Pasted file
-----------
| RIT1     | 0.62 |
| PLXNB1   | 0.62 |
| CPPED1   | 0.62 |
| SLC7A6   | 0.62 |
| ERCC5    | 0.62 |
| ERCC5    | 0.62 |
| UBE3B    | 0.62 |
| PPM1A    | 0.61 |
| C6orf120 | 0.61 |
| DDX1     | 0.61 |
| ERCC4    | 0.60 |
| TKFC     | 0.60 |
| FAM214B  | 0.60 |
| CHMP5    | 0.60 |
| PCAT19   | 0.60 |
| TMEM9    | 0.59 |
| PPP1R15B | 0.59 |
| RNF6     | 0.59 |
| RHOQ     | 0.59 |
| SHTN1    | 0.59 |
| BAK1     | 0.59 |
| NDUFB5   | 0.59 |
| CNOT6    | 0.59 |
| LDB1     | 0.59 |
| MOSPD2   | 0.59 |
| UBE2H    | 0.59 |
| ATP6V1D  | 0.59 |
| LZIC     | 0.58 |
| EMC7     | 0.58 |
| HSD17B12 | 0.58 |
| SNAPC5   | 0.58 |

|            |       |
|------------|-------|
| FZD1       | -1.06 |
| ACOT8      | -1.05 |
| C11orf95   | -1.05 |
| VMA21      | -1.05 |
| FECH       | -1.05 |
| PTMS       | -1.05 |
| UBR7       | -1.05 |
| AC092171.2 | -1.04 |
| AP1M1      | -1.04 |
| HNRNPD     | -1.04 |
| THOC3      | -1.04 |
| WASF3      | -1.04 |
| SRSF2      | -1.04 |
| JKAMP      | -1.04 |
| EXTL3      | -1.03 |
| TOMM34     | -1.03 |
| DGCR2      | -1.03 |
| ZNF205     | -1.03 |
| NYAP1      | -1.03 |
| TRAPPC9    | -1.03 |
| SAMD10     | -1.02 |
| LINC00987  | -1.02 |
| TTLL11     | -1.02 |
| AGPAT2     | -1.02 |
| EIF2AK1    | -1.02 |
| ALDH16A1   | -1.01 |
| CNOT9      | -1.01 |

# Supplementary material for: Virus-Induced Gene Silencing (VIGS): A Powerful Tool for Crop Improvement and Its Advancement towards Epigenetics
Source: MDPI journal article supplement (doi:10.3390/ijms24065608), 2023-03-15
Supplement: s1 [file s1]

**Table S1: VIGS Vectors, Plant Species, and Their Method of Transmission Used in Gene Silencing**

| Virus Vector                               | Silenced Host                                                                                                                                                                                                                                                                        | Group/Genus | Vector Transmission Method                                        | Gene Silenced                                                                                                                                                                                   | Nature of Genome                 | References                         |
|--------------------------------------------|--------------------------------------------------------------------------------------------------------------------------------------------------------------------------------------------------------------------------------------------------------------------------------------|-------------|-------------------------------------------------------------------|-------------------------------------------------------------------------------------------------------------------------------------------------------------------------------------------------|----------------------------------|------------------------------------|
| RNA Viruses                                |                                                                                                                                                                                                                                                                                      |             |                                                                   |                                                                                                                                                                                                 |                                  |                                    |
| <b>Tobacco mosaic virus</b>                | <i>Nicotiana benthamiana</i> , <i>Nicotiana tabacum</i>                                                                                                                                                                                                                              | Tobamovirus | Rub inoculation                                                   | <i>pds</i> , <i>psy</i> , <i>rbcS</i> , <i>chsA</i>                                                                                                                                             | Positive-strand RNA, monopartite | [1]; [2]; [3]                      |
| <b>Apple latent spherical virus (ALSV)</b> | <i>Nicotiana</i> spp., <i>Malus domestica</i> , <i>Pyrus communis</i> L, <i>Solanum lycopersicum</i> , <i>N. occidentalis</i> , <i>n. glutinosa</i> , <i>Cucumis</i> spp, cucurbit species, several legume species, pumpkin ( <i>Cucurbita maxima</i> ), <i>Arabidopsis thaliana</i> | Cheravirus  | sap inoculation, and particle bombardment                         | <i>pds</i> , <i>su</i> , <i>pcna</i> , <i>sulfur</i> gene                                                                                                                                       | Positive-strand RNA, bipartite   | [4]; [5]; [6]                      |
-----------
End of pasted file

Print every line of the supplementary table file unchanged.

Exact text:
| RIT1     | 0.62 |
| PLXNB1   | 0.62 |
| CPPED1   | 0.62 |
| SLC7A6   | 0.62 |
| ERCC5    | 0.62 |
| ERCC5    | 0.62 |
| UBE3B    | 0.62 |
| PPM1A    | 0.61 |
| C6orf120 | 0.61 |
| DDX1     | 0.61 |
| ERCC4    | 0.60 |
| TKFC     | 0.60 |
| FAM214B  | 0.60 |
| CHMP5    | 0.60 |
| PCAT19   | 0.60 |
| TMEM9    | 0.59 |
| PPP1R15B | 0.59 |
| RNF6     | 0.59 |
| RHOQ     | 0.59 |
| SHTN1    | 0.59 |
| BAK1     | 0.59 |
| NDUFB5   | 0.59 |
| CNOT6    | 0.59 |
| LDB1     | 0.59 |
| MOSPD2   | 0.59 |
| UBE2H    | 0.59 |
| ATP6V1D  | 0.59 |
| LZIC     | 0.58 |
| EMC7     | 0.58 |
| HSD17B12 | 0.58 |
| SNAPC5   | 0.58 |

|            |       |
|------------|-------|
| FZD1       | -1.06 |
| ACOT8      | -1.05 |
| C11orf95   | -1.05 |
| VMA21      | -1.05 |
| FECH       | -1.05 |
| PTMS       | -1.05 |
| UBR7       | -1.05 |
| AC092171.2 | -1.04 |
| AP1M1      | -1.04 |
| HNRNPD     | -1.04 |
| THOC3      | -1.04 |
| WASF3      | -1.04 |
| SRSF2      | -1.04 |
| JKAMP      | -1.04 |
| EXTL3      | -1.03 |
| TOMM34     | -1.03 |
| DGCR2      | -1.03 |
| ZNF205     | -1.03 |
| NYAP1      | -1.03 |
| TRAPPC9    | -1.03 |
| SAMD10     | -1.02 |
| LINC00987  | -1.02 |
| TTLL11     | -1.02 |
| AGPAT2     | -1.02 |
| EIF2AK1    | -1.02 |
| ALDH16A1   | -1.01 |
| CNOT9      | -1.01 |

# Supplementary material for: Virus-Induced Gene Silencing (VIGS): A Powerful Tool for Crop Improvement and Its Advancement towards Epigenetics
Source: MDPI journal article supplement (doi:10.3390/ijms24065608), 2023-03-15
Supplement: s1 [file s1]

**Table S1: VIGS Vectors, Plant Species, and Their Method of Transmission Used in Gene Silencing**

| Virus Vector                               | Silenced Host                                                                                                                                                                                                                                                                        | Group/Genus | Vector Transmission Method                                        | Gene Silenced                                                                                                                                                                                   | Nature of Genome                 | References                         |
|--------------------------------------------|--------------------------------------------------------------------------------------------------------------------------------------------------------------------------------------------------------------------------------------------------------------------------------------|-------------|-------------------------------------------------------------------|-------------------------------------------------------------------------------------------------------------------------------------------------------------------------------------------------|----------------------------------|------------------------------------|
| RNA Viruses                                |                                                                                                                                                                                                                                                                                      |             |                                                                   |                                                                                                                                                                                                 |                                  |                                    |
| <b>Tobacco mosaic virus</b>                | <i>Nicotiana benthamiana</i> , <i>Nicotiana tabacum</i>                                                                                                                                                                                                                              | Tobamovirus | Rub inoculation                                                   | <i>pds</i> , <i>psy</i> , <i>rbcS</i> , <i>chsA</i>                                                                                                                                             | Positive-strand RNA, monopartite | [1]; [2]; [3]                      |
| <b>Apple latent spherical virus (ALSV)</b> | <i>Nicotiana</i> spp., <i>Malus domestica</i> , <i>Pyrus communis</i> L, <i>Solanum lycopersicum</i> , <i>N. occidentalis</i> , <i>n. glutinosa</i> , <i>Cucumis</i> spp, cucurbit species, several legume species, pumpkin ( <i>Cucurbita maxima</i> ), <i>Arabidopsis thaliana</i> | Cheravirus  | sap inoculation, and particle bombardment                         | <i>pds</i> , <i>su</i> , <i>pcna</i> , <i>sulfur</i> gene                                                                                                                                       | Positive-strand RNA, bipartite   | [4]; [5]; [6]                      |